10) Acetylcholine and Hormones
Negative Effects of Acetylcholine
The association between smoking and depression has been reported in many studies [R].
In chronic smokers, acetylcholine (nicotinic) receptors are increased, rather than decreased, as is often the case with chronic substance use. It could be the increase in these receptors which contribute to the association of depression and smoking [R].
How to Increase Acetylcholine
Supplements for Acetylcholine Deficiency
When it comes to the herbs listed, they increase acetylcholine by inhibiting the enzyme that breaks them down – acetylcholinesterase. Most common herbs have some inhibitory activity against the enzyme.
- Foods with Choline (Eggs, Liver)
- Choline supplements
- Bacopa (R)
- Huperzine A
- Epimedium (R)
- Caffeine (R)
- Blueberries (R)
- Zinc (R)
- Copper (R)
- Grape seed Extract (R)
- Cinnamon (R)
- Tulsi (R)
- Gotu Kola (R)
- EGCG [R]
- Curcumin [R]
- Manganese, in the presences of citrate, increases acetylcholine synthesis [R]
- DHA and dietary fish oils [R]
- Luteolin enhances choline, which in turn increases acetylcholine in the body [R]
- Quercetin (high dose) (R)
- Fo-ti (R)
- Saffron (R)
- Reishi (R)
- Carvacrol (R)
- Rhodiola (R)
- Rehmannia (R)/Catalpol (R)
- Noni (R)
- Schisandra (R)
- Magnesium (potentiates) (R)
- Andrographis (weak) (R)
- Fenugreek (R)
- Melatonin (R)
- Ginger (R)
- Danshen (R)
- Licorice (R)
- Sulforaphane (R)
- Ginseng (R)
- Propolis (R)
- Muira puama (R)
- Insulin (R)
- Fasting (R)
A lot of drugs can inhibit acetylcholine, either by imitating it or inhibiting choline [R].
- Lipoic Acid (in certain situations)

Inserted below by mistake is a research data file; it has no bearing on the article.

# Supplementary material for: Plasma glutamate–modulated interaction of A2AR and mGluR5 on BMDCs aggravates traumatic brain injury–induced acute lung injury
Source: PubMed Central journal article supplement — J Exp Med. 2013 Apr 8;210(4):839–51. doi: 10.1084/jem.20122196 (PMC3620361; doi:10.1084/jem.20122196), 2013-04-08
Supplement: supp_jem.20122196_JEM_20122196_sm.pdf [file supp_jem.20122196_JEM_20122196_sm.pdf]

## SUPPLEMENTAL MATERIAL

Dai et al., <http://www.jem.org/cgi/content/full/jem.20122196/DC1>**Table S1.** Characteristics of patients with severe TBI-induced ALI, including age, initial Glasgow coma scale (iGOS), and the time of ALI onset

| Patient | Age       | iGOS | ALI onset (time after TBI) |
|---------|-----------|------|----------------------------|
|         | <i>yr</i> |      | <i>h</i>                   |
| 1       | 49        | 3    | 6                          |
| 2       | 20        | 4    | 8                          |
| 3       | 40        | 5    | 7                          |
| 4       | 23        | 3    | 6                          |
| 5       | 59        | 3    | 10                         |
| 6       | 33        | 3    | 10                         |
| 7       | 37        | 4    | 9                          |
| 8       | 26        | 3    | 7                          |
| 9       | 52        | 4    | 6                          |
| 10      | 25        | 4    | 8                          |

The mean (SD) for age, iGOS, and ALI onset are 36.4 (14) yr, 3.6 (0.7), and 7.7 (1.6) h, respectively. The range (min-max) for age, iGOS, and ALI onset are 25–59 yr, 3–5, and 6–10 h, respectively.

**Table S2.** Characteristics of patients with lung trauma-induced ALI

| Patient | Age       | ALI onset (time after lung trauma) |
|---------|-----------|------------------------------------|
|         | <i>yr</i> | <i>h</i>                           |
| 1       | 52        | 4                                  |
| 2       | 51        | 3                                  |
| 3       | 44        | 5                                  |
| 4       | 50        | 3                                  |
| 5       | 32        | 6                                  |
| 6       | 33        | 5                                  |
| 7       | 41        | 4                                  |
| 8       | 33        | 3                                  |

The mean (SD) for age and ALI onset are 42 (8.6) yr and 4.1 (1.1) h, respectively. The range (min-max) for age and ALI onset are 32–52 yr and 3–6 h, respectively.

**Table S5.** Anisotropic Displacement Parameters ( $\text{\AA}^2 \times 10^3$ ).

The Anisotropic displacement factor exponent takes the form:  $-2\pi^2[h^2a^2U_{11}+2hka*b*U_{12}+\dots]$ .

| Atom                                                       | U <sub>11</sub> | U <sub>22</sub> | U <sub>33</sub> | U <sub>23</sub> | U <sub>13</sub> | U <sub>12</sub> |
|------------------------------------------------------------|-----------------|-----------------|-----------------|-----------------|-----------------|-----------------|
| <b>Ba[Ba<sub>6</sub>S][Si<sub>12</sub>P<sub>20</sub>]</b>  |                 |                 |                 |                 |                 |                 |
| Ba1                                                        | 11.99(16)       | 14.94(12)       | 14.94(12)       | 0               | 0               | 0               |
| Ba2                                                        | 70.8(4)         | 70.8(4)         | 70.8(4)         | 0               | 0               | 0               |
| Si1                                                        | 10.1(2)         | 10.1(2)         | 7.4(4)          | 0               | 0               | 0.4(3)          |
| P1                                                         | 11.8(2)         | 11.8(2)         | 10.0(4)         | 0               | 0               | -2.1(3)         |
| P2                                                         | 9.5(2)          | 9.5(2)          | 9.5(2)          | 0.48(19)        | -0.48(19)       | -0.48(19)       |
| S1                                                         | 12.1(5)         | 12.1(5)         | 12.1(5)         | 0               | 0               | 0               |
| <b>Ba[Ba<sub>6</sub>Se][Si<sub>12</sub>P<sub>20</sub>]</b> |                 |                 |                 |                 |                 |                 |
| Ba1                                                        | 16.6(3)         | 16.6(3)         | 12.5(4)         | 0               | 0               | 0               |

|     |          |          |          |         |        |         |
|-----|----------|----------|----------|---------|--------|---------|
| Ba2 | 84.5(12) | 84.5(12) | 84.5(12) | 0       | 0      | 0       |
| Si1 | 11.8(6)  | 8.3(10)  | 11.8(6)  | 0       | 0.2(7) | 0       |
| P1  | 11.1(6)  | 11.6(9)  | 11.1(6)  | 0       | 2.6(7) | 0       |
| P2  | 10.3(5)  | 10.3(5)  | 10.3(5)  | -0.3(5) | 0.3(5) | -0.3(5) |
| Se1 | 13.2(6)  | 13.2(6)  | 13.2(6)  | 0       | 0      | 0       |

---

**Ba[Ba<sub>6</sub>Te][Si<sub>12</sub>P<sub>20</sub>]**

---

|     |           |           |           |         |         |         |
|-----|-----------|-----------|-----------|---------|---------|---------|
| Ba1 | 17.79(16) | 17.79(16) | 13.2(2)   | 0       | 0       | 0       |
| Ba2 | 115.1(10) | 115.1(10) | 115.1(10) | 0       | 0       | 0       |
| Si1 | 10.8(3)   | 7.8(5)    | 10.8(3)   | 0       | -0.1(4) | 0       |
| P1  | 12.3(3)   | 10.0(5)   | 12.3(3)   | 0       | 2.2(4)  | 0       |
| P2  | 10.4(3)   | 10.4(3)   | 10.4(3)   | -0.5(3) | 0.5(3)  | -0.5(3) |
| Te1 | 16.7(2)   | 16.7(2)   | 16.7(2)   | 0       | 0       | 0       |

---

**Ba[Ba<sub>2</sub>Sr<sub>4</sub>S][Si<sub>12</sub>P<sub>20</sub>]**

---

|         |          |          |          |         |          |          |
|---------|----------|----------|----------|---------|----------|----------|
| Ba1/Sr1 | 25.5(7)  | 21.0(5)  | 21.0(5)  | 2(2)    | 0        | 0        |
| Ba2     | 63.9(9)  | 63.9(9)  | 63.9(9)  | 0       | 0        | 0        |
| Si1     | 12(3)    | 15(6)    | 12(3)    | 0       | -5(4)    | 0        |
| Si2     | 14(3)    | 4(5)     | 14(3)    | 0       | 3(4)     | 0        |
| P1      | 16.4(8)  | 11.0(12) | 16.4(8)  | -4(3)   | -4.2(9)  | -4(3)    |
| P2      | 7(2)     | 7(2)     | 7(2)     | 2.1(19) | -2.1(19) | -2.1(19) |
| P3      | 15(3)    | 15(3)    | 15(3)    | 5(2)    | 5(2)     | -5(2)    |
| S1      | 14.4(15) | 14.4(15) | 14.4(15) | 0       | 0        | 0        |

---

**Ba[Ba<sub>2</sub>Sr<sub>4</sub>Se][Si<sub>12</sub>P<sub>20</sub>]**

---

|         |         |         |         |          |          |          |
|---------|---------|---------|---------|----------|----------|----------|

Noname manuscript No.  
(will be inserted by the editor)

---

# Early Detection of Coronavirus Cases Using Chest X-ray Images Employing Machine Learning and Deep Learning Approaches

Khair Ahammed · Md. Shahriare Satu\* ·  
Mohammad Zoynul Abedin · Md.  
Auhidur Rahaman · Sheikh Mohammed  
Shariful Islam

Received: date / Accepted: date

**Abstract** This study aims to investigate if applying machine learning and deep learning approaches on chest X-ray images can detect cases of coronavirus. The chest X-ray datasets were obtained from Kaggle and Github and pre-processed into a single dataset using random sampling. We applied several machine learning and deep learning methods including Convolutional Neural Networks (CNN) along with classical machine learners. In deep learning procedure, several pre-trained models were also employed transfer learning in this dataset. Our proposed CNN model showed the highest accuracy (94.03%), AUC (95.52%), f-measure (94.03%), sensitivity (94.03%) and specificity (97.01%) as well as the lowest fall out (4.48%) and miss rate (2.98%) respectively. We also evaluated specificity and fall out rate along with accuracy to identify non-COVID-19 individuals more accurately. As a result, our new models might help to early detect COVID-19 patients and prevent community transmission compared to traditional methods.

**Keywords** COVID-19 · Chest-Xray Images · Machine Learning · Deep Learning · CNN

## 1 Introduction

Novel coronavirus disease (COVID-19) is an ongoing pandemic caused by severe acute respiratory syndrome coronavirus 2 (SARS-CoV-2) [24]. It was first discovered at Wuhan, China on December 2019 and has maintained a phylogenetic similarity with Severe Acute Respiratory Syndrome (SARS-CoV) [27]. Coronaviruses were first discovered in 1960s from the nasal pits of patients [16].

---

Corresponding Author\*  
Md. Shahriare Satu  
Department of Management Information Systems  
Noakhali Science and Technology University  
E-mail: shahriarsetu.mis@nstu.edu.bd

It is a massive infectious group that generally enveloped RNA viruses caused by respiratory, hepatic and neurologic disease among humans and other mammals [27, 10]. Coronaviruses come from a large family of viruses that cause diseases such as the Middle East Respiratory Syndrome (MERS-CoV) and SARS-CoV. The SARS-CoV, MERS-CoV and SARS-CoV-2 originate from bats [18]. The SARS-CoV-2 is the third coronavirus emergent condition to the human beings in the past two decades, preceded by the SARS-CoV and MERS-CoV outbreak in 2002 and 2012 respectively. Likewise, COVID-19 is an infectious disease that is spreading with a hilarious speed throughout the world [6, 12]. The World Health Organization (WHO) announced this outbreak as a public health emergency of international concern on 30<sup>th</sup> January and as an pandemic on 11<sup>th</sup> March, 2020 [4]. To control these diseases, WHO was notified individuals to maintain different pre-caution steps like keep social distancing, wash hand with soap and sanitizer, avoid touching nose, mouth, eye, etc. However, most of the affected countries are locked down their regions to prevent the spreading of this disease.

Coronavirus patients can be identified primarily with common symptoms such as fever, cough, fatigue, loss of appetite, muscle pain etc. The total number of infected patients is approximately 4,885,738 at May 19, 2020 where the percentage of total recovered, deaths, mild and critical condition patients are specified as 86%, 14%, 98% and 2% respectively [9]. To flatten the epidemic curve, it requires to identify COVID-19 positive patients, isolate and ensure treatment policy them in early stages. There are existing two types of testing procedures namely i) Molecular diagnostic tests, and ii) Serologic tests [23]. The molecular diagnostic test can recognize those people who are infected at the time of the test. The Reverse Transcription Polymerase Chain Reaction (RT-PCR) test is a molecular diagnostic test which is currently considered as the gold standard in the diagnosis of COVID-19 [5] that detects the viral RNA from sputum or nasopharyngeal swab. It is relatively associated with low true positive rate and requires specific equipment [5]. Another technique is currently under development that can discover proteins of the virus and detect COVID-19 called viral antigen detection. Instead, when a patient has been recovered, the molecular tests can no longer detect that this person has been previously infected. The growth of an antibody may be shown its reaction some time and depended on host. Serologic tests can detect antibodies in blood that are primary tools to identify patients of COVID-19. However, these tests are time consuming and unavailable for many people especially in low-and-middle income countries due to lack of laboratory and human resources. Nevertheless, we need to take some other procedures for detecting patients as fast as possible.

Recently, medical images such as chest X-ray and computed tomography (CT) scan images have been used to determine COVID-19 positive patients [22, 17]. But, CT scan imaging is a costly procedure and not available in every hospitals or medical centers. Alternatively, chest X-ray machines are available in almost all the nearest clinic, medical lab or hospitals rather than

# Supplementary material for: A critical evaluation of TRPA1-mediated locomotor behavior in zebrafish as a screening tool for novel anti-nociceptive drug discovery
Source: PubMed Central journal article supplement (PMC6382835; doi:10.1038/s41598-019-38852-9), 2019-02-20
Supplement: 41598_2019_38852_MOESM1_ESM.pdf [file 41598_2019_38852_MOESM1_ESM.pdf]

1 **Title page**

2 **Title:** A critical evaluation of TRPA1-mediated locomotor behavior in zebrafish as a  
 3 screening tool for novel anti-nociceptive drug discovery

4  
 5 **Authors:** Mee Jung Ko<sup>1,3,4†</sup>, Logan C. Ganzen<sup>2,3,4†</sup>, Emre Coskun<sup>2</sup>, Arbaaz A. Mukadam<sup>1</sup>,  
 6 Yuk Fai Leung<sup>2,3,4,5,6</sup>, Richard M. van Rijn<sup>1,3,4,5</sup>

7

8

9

- Glycine in certain situations (R)
- Mercury compounds
Health Tools I Wish I Had When I Was Sick
At SelfHacked, it’s our goal to offer our readers all the tools possible to get optimally healthy. When I was struggling with chronic health issues I felt stuck because I didn’t have any tools to help me get better. I had to spend literally thousands of hours trying to read through studies on pubmed to figure out how the body worked and how to fix it.
That’s why I decided to create tools that will help others cut down the guesswork:
- SelfHacked Secrets – an ebook where we examine and explain the biggest overlooked environmental factors that cause disease. This ebook is a great place to start your journey if you want to learn the essential steps to optimizing your health.
- Selfhacked Inflammation course – a video course on inflammation and how to bring it down
- Biohacking insomnia – an ebook on how to get great sleep
- BrainGauge – a device that detects subtle brain changes and allows you to test what’s working for you
The information on this website has not been evaluated by the Food & Drug Administration or any other medical body. We do not aim to diagnose, treat, cure or prevent any illness or disease. Information is shared for educational purposes only. You must consult your doctor before acting on any content on this website, especially if you are pregnant, nursing, taking medication, or have a medical condition.